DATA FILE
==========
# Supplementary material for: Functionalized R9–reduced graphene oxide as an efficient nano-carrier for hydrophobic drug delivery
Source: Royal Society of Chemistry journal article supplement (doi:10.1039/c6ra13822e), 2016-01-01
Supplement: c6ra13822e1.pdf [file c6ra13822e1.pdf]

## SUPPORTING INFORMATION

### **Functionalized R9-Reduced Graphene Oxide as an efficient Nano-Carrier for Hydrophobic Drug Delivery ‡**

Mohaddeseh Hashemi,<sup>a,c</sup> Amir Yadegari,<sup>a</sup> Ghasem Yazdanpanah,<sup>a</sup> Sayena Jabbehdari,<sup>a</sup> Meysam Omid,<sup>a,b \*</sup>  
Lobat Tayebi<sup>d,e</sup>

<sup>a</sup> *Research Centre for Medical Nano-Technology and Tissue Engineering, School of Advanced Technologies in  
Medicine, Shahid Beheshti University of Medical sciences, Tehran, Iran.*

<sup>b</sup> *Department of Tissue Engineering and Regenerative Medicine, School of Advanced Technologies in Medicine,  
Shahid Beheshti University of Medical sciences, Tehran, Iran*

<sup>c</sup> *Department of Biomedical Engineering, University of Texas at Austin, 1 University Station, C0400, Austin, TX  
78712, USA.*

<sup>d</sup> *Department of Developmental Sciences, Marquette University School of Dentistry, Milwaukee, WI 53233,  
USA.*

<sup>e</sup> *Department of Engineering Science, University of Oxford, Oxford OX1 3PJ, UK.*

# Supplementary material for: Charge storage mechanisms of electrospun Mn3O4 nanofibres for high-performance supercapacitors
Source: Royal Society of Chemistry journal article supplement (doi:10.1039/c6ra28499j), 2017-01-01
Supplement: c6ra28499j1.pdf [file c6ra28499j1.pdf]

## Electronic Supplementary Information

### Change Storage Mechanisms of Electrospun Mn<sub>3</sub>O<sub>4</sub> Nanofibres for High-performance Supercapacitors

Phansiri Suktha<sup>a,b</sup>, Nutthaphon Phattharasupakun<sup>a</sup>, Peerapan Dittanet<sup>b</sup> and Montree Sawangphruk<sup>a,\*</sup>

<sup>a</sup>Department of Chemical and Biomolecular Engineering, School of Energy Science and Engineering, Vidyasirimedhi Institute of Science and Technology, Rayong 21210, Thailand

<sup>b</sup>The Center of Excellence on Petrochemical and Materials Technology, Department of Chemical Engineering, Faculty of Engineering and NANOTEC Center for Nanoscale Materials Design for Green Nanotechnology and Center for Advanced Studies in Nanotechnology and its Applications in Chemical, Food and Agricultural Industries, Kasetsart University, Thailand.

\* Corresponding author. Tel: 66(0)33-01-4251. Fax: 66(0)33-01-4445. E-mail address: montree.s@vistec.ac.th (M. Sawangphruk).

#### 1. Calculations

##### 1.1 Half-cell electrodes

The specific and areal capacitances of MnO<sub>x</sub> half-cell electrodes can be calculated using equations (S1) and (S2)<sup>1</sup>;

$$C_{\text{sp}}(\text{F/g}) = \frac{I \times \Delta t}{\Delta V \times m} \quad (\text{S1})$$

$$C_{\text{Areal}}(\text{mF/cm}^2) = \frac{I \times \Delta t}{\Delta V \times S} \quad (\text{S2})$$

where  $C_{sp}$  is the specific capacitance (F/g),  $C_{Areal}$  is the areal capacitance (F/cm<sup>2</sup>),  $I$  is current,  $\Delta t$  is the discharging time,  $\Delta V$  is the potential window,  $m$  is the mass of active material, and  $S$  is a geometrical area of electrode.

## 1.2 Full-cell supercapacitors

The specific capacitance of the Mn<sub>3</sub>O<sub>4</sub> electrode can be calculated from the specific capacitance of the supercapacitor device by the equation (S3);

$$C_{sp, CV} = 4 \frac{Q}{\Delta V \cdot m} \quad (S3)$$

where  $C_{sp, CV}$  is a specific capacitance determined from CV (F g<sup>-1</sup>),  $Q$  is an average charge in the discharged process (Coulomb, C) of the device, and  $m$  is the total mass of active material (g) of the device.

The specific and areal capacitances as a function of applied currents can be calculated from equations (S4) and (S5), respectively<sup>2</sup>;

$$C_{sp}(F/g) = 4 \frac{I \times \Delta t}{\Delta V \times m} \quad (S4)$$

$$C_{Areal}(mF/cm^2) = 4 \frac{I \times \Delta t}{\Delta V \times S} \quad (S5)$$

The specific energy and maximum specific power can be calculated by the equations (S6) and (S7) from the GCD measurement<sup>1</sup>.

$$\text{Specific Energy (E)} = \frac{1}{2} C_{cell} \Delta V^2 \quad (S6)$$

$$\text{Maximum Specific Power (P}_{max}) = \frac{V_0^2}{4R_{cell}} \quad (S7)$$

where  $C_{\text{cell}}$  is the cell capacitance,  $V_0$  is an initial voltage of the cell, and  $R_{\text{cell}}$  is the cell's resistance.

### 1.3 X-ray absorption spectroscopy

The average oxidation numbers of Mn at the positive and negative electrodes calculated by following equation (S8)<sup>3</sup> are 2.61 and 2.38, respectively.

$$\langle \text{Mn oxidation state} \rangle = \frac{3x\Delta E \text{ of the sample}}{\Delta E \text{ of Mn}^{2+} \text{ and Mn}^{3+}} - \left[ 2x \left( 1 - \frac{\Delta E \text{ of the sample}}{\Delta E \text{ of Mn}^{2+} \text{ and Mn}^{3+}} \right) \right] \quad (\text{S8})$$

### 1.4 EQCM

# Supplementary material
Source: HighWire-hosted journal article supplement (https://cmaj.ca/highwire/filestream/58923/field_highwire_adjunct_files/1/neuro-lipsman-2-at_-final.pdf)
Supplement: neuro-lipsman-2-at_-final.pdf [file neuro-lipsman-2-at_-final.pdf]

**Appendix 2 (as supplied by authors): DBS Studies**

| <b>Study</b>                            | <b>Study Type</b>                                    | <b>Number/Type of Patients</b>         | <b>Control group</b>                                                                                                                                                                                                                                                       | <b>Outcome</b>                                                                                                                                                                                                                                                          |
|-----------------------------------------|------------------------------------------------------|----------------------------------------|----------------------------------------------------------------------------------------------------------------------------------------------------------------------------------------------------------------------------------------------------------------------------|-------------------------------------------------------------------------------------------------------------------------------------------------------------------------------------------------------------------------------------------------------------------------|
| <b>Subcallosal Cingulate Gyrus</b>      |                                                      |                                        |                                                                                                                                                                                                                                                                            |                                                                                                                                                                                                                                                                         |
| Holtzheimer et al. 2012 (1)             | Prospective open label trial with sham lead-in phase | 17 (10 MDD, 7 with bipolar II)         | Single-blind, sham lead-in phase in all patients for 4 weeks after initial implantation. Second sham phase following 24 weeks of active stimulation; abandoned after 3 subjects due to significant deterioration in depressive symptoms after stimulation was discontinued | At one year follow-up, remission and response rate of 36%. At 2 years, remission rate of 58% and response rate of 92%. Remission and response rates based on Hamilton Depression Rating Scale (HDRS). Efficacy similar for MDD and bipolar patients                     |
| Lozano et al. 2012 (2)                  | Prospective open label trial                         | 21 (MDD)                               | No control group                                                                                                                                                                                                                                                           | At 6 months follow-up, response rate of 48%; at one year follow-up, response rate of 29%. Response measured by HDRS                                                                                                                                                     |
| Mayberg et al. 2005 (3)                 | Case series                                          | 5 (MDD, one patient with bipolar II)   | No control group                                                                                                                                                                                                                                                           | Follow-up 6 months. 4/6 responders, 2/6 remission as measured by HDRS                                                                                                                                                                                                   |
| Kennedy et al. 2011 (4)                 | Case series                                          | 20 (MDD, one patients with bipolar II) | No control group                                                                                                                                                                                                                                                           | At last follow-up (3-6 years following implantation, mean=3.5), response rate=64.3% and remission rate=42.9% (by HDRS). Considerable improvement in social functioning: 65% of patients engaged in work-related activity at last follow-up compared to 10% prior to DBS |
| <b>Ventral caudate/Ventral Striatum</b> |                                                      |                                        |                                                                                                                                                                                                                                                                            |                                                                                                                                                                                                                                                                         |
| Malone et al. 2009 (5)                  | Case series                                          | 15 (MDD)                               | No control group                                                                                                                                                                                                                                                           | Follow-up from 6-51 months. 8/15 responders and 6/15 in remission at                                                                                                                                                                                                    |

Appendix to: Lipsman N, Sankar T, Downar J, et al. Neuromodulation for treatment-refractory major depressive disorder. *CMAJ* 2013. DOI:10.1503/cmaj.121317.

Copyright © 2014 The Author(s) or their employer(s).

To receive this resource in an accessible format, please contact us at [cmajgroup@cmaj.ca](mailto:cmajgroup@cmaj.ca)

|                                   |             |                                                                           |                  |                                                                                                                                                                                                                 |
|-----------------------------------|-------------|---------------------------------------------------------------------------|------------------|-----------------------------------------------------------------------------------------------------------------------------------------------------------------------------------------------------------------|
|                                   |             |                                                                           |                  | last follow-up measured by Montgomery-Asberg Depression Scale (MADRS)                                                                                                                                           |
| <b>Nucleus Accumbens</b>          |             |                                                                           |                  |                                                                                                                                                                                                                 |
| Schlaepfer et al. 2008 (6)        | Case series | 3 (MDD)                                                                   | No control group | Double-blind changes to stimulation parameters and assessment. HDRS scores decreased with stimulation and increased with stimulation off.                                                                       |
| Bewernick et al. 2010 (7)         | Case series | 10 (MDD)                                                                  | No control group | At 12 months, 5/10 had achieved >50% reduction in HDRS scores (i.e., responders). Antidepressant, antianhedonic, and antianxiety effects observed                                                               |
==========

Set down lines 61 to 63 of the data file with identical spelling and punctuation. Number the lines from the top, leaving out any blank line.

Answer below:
Copyright © 2014 The Author(s) or their employer(s).

To receive this resource in an accessible format, please contact us at [cmajgroup@cmaj.ca](mailto:cmajgroup@cmaj.ca)

|                                   |             |                                                                           |                  |                                                                                                                                                                                                                 |